October 16, 2017
October 16, 2017
Ohio’s General Assembly dramatically increased spending in the lean 2018-19 budget for the drug epidemic ravaging the state. Funding for the Department of Mental Health and Addiction Services rose by 16.4 percent over the prior, two-year budget. Lawmakers boosted funding for related services including public safety, public health, recovery housing, mental health workforce development and research and development.
Figure 1 illustrates growth of the Department of Mental Health and Addiction Services (MHA) across fund types in the last three budgets. Funding grew in the last budget and will expand again in this one.
The MHA budget will have $200 million more in 2018-19 compared to the prior budget period, for 2016-17.
Lawmakers also pulled together investments that include many in the MHA agency, but go beyond, to fund public safety, criminal justice, children’s services and more. Figure 2 breaks out the roughly $194 million assembled across agencies and functions.
Lawmakers also created other new initiatives. The Department of Higher Education will require teachers to be trained in substance abuse prevention. Two agencies and the Ohio State University will develop a web site and a mobile app to provide information on addiction treatment services. The Attorney General’s Office will add drug-related training for peace officers in the schools and a drug addiction prevention initiative to provide public service announcements, a 24-hour hotline, a web site, and other materials.
Most treatment for addiction, which is closely intertwined with mental health illness, is paid for through Medicaid and Medicaid expansion. Medicaid provided $650 million of the approximately $1 billion dedicated to stemming the drug epidemic in 2016-2017. The budget bill for 2018-19 contained threats to Medicaid. Governor Kasich vetoed a proposed freeze of the Medicaid expansion that would have slashed coverage. At this time the veto still stands, but the threat persists: some Ohio lawmakers continue to discuss an override.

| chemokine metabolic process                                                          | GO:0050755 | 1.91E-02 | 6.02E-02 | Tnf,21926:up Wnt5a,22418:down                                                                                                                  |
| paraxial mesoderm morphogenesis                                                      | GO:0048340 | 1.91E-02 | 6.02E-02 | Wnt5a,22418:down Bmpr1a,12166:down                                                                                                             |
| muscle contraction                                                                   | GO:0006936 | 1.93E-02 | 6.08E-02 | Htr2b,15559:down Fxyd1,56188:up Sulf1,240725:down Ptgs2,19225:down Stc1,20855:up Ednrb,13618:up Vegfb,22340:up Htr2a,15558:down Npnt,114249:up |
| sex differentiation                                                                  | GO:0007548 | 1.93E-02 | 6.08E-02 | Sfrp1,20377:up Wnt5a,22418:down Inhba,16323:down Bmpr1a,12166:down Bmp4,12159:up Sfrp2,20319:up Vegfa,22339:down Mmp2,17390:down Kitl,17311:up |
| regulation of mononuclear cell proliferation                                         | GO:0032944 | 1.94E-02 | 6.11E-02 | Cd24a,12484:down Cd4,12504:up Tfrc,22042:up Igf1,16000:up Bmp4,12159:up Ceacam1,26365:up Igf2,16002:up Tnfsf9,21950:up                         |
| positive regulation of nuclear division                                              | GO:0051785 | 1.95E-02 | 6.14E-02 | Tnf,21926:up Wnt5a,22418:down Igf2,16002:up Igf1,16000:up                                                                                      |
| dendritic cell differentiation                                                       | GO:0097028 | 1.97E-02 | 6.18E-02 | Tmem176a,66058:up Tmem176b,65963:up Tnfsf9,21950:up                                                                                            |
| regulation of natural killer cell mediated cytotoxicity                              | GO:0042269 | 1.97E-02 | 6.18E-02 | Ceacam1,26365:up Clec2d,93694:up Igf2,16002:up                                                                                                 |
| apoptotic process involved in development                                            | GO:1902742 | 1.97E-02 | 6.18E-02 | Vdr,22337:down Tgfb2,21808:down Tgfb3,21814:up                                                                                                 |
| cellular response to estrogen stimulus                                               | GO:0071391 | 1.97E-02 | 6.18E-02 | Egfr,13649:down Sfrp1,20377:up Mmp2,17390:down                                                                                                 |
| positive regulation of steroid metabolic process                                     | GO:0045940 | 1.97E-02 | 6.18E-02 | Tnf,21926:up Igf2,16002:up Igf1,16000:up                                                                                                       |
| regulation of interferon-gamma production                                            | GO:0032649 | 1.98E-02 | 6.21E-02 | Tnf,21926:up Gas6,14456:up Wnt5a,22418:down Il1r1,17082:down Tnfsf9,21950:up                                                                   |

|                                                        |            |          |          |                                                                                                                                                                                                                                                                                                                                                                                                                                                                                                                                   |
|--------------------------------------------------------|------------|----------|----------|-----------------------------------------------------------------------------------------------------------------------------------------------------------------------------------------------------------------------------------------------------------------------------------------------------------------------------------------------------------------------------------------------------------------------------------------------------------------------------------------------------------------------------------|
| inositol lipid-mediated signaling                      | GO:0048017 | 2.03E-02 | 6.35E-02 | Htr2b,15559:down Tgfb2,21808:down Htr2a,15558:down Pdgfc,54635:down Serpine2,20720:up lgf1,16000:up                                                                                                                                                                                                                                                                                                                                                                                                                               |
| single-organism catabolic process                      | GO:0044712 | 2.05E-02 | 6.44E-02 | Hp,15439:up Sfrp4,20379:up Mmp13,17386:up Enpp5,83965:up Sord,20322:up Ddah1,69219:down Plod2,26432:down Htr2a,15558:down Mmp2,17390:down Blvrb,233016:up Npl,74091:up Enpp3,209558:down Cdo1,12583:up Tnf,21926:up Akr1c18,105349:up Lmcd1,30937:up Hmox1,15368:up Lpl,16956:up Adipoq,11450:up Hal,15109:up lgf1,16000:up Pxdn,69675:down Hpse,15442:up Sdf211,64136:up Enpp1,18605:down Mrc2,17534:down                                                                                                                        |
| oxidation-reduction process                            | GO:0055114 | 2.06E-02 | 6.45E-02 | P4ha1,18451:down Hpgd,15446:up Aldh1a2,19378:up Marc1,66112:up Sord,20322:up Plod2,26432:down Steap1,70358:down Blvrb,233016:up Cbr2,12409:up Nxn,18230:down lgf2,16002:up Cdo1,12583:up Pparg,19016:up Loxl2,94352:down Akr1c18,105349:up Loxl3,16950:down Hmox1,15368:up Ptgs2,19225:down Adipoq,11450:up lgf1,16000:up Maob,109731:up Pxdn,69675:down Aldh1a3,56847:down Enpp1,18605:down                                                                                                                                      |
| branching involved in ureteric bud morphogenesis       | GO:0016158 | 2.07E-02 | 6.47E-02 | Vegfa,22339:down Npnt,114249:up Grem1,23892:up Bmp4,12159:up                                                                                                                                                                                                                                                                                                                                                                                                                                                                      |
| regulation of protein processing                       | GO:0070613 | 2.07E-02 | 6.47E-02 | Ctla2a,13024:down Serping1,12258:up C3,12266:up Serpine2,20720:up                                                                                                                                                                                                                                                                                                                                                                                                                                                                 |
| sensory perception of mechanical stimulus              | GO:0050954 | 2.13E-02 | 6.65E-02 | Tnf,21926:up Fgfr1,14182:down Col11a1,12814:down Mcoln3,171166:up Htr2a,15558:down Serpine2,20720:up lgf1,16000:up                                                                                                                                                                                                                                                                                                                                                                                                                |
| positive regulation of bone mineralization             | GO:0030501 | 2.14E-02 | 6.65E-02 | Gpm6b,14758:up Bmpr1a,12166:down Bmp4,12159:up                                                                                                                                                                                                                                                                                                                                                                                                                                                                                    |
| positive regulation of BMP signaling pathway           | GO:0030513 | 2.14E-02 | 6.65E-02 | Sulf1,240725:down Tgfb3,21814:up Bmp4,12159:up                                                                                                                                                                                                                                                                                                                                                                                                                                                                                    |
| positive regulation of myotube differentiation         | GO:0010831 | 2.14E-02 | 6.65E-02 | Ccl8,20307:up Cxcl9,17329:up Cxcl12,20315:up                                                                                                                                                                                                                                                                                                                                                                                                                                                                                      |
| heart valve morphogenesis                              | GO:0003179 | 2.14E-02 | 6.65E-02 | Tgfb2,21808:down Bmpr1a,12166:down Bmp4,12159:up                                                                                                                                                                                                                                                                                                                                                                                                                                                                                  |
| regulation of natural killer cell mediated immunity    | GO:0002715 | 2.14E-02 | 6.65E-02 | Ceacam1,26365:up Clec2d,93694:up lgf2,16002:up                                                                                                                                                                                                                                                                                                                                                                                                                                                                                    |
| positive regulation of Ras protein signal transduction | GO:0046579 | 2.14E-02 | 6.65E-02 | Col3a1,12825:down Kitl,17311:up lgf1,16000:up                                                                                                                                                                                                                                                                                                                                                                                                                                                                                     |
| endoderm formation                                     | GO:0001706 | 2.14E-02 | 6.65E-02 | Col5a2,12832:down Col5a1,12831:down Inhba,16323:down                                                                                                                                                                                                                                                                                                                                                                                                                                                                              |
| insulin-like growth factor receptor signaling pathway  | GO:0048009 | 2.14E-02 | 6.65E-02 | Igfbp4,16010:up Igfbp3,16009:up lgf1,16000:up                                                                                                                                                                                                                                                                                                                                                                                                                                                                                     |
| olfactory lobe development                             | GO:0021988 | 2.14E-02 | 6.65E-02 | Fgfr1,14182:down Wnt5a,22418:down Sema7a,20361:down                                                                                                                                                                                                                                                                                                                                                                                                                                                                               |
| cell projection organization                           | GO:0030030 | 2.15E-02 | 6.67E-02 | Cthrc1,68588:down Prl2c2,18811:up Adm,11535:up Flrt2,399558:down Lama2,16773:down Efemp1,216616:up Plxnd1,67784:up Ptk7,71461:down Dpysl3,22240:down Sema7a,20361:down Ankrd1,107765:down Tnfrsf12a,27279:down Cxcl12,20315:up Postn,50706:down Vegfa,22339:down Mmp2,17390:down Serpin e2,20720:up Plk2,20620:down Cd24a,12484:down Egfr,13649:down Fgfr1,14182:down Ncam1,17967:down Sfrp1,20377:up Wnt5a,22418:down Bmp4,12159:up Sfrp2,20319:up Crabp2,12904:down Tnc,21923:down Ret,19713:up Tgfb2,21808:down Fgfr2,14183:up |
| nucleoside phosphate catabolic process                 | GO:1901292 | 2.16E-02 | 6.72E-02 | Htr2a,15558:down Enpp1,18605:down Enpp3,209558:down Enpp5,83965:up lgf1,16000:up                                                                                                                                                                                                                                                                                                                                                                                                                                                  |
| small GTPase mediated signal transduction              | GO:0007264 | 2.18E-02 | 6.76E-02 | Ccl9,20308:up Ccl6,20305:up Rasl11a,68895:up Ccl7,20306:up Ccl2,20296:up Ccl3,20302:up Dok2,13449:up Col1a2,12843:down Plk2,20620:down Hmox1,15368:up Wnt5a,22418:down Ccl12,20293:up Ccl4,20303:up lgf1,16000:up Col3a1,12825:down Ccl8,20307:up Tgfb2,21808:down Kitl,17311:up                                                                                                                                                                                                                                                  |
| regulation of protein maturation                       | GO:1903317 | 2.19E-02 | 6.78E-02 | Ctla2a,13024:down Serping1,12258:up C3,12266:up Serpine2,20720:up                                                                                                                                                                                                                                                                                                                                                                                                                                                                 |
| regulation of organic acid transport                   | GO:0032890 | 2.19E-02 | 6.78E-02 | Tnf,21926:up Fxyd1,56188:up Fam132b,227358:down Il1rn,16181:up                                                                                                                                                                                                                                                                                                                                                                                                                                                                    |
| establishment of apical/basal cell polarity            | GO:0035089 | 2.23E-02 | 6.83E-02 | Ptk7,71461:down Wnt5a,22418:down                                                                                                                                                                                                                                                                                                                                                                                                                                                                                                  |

The expanded funding is much needed. However, most of it is not new money. Years of tax cuts have eroded state revenue. Instead of restoring tax revenue, lawmakers redirected money for existing programs for services related to the drug epidemic. For example, lawmakers took about $20 million over the two-year budget period from the Local Government Fund distribution to cities and villages.
Ohio communities are on the front line of the epidemic. They have lost $1 billion annually to state budget cuts since 2010. Policymakers should not have redirected resources from Local Government Funds for cities and villages to stem the drug epidemic. This new loss further cuts local governments’ ability to provide services, including many related to the drug crisis. A better solution would have been to raise enough revenues by closing unproductive tax breaks or reversing tax cuts. Lawmakers did the right thing in using public resources to fight the drug epidemic, but taking from other important community needs will create new problems.
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